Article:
Read It Before You Tweet It.


I spend a lot of time on Twitter seeking news, music updates, sports updates, following random celebrities, researching new poets and authors, and generally just wasting a bit of time, and brainless energy. Prior to Twitter it was the ongoing click of the refresh button on Facebook, and before Facebook it was the Myspace feed. Myspace and Facebook allowed a bit of promise for the younger generation. We were able to fully express our thoughts – whether or not that was always a good thing is definitely something to consider – and actually take a bit of time to write a “note,” or an elongated status update. Twitter seems to have simply given people a forum in which they feel comfortable being uneducated and illiterate.

It’s true that 140 characters is not a lot of space with which to fully express oneself. It’s easy to abbreviate words, use acronyms that few of us older than 25 understand, and generally forget that common grammar exists. What I find incredibly unfortunate is that the majority of those using this grammar-less approach are those who are the most followed.

Our site spends a good deal of time on the hip-hop culture because it’s a natural progression from poetry. There are some incredibly well spoken hip-hop artists: Common, Jay-Z, Talib Kweli, Nas, KRS-ONE, Q-Tip. If you’re noticing a trend, you should be. All of those MCs have been around since the early 90’s, if not a bit earlier. They grew up in a time where it was important to understand the words they were putting out – they were there / are here to educate their listeners – much like poets write in order to educate and allow their readers to contemplate their words. Today’s MCs are far less willing to take the time to read over what they write before they click “Tweet.” Actually, that’s not a fair statement. Most people are unwilling to read over what they write before they click “Tweet.”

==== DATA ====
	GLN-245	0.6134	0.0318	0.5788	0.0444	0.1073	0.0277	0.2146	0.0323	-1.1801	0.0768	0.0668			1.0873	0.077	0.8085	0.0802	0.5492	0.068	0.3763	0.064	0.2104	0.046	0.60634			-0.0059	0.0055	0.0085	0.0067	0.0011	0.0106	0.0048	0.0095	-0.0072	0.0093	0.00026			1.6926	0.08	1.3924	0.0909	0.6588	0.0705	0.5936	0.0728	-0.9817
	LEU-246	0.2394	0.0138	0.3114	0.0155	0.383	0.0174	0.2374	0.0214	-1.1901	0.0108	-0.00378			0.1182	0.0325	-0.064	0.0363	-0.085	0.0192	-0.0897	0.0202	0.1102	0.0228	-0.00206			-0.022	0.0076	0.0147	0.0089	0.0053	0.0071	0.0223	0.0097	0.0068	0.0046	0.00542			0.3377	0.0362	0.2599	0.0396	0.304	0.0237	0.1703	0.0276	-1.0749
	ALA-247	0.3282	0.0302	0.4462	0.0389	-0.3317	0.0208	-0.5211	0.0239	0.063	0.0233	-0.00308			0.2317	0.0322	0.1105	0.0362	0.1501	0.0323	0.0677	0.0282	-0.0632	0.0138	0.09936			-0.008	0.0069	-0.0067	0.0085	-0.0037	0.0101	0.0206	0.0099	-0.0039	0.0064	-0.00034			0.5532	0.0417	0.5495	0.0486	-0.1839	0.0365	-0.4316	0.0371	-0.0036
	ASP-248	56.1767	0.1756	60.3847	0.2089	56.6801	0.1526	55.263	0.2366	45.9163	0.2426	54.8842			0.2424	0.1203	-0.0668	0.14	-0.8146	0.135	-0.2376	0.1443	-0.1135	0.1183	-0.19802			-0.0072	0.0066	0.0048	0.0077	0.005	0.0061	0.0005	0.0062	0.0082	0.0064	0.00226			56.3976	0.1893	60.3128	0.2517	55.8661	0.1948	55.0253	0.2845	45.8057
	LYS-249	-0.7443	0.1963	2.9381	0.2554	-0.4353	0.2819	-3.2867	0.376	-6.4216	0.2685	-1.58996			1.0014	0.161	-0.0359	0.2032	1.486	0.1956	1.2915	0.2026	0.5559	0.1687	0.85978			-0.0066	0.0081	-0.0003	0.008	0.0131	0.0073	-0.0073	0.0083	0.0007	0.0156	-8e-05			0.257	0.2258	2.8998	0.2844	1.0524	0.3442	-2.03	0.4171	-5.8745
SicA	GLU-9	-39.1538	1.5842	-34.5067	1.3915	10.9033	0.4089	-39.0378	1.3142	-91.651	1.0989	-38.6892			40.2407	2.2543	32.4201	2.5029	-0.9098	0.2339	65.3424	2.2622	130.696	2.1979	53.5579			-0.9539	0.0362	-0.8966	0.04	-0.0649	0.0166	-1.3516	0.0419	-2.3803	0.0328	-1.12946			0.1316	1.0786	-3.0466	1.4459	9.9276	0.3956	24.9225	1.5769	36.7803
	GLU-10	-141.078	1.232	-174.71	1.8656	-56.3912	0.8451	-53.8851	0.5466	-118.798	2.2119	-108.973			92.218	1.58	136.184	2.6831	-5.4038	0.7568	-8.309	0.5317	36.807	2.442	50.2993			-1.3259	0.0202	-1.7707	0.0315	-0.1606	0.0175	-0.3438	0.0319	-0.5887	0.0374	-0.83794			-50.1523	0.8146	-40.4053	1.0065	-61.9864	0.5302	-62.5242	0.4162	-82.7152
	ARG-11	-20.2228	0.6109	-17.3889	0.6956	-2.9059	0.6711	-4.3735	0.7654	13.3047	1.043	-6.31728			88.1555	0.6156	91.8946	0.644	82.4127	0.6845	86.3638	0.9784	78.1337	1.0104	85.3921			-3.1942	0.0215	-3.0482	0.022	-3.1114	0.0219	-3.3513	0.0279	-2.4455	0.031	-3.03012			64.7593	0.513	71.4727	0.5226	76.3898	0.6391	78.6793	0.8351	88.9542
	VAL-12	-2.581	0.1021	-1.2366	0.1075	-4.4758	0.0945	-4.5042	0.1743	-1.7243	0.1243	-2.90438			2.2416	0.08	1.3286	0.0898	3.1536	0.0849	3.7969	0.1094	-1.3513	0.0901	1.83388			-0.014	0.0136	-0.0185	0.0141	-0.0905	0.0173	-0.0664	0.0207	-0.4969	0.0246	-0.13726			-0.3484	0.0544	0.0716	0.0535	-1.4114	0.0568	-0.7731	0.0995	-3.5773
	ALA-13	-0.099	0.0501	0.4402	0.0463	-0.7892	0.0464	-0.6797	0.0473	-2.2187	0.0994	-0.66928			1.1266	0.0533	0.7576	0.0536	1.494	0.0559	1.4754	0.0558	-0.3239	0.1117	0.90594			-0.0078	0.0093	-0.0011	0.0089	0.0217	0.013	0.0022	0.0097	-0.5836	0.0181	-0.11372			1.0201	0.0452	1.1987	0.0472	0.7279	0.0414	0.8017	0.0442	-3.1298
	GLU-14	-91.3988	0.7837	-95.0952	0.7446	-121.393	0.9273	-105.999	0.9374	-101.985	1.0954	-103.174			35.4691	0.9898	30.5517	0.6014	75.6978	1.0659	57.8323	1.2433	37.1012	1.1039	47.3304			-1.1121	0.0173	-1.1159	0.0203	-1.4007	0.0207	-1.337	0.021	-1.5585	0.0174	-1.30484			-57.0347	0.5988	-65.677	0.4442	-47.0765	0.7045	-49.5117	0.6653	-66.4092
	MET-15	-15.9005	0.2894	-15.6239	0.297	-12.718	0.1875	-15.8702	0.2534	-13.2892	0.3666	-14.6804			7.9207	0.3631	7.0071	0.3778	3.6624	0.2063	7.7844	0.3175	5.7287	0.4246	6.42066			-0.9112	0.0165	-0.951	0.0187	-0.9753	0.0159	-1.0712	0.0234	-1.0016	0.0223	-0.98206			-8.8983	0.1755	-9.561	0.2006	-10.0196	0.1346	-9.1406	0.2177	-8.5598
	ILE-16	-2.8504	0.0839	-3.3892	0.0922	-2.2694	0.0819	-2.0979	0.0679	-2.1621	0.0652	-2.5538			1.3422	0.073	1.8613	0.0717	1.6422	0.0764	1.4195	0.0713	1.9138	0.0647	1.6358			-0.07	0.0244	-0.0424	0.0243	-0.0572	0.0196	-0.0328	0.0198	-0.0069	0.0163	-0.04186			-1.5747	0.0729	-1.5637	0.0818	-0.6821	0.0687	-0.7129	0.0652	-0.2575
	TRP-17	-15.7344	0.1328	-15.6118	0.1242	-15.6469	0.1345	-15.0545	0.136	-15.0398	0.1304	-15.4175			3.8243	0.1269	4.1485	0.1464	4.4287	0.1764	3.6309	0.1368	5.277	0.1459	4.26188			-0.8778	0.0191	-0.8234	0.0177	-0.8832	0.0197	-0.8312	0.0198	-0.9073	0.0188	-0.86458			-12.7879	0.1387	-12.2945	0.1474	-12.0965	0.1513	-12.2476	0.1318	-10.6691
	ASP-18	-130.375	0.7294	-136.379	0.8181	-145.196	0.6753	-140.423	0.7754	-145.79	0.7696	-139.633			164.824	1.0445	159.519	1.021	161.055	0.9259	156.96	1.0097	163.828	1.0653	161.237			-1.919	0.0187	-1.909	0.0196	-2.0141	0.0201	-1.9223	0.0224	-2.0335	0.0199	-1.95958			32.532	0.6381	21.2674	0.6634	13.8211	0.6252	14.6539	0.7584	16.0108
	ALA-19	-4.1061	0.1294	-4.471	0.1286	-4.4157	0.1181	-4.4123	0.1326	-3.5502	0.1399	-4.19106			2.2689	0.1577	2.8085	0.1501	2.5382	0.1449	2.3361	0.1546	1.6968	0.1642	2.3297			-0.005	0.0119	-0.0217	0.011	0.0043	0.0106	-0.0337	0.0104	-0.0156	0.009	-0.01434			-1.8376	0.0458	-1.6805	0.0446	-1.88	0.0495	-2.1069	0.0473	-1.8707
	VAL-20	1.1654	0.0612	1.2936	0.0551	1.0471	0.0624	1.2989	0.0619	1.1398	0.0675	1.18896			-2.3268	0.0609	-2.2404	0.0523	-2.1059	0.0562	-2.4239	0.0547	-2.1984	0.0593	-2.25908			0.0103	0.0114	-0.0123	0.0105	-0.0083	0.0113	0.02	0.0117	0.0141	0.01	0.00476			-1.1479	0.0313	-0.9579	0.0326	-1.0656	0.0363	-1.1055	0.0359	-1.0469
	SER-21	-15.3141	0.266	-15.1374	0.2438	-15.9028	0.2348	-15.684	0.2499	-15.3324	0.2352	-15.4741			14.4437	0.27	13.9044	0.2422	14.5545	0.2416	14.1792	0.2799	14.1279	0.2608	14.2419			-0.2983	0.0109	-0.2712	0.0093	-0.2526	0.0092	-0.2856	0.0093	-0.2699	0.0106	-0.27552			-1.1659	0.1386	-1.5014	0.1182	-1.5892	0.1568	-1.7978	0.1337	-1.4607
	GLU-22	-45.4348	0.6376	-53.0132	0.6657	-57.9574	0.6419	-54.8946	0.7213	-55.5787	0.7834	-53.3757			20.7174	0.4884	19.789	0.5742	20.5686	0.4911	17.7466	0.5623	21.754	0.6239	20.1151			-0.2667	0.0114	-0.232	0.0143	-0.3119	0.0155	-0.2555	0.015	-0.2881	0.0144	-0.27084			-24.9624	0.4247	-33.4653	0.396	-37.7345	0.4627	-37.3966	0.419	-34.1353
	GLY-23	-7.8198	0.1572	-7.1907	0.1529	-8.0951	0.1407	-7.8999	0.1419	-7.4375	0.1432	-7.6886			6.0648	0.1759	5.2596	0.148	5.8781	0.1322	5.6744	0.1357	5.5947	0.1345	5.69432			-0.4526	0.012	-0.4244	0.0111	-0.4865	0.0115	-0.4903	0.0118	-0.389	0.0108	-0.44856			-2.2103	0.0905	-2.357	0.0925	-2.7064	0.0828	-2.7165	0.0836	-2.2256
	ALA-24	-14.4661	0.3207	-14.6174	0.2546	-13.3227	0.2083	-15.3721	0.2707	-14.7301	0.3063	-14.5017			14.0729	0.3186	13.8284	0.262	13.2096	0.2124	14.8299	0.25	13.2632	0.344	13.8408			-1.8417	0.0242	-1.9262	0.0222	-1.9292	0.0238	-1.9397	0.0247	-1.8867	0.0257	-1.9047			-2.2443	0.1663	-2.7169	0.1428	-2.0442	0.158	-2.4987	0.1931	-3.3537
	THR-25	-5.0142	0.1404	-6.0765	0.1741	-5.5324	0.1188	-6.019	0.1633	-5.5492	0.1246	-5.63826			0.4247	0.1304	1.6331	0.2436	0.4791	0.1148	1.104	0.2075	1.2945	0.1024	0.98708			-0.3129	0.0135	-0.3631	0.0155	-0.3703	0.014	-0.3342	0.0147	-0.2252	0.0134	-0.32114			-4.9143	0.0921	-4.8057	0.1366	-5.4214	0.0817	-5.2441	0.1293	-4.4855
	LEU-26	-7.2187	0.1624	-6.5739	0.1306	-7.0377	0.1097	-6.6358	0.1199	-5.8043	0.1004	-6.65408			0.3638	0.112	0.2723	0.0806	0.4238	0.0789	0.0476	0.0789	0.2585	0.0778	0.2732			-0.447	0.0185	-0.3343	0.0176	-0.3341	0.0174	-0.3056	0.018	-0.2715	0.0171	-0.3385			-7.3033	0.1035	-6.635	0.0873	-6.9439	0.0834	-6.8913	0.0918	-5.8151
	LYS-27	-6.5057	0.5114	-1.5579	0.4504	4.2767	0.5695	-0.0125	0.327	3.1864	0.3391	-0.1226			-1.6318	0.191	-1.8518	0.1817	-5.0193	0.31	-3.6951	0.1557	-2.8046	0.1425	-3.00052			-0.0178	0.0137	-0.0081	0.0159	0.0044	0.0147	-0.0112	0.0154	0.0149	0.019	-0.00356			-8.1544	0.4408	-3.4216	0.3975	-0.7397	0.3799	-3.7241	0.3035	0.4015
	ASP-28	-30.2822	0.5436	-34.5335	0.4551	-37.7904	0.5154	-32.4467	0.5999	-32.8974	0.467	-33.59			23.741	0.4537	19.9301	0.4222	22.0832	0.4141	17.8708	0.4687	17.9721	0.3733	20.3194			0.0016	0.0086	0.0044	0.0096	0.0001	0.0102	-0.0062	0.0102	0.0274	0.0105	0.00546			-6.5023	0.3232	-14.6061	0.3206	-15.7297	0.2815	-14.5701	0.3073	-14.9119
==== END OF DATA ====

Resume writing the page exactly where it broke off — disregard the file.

Since Twitter occupies a good deal of time for the younger generation, the neglect of those they follow to use even the most basic of conventional grammar begins to seep into the general population. We had started a “Grammar Police” section on the site a while back, but we soon realized that we’d be going after everyone, and it became more of brain challenge than we wanted (It’s not helpful to show you, our readers, what other people are doing wrong, because we’d rather inspire you to do what’s right.).

As an educator I fear what my students are learning from their celebrity influences. I know that Charles Barkley wants us to believe that athletes, celebs, and musicians aren’t “role models,” but they are. I just wish they would take a bit more care in what they type. If they don’t, we are looking at a very scary generation of those who have little concept of a well-written sentence.

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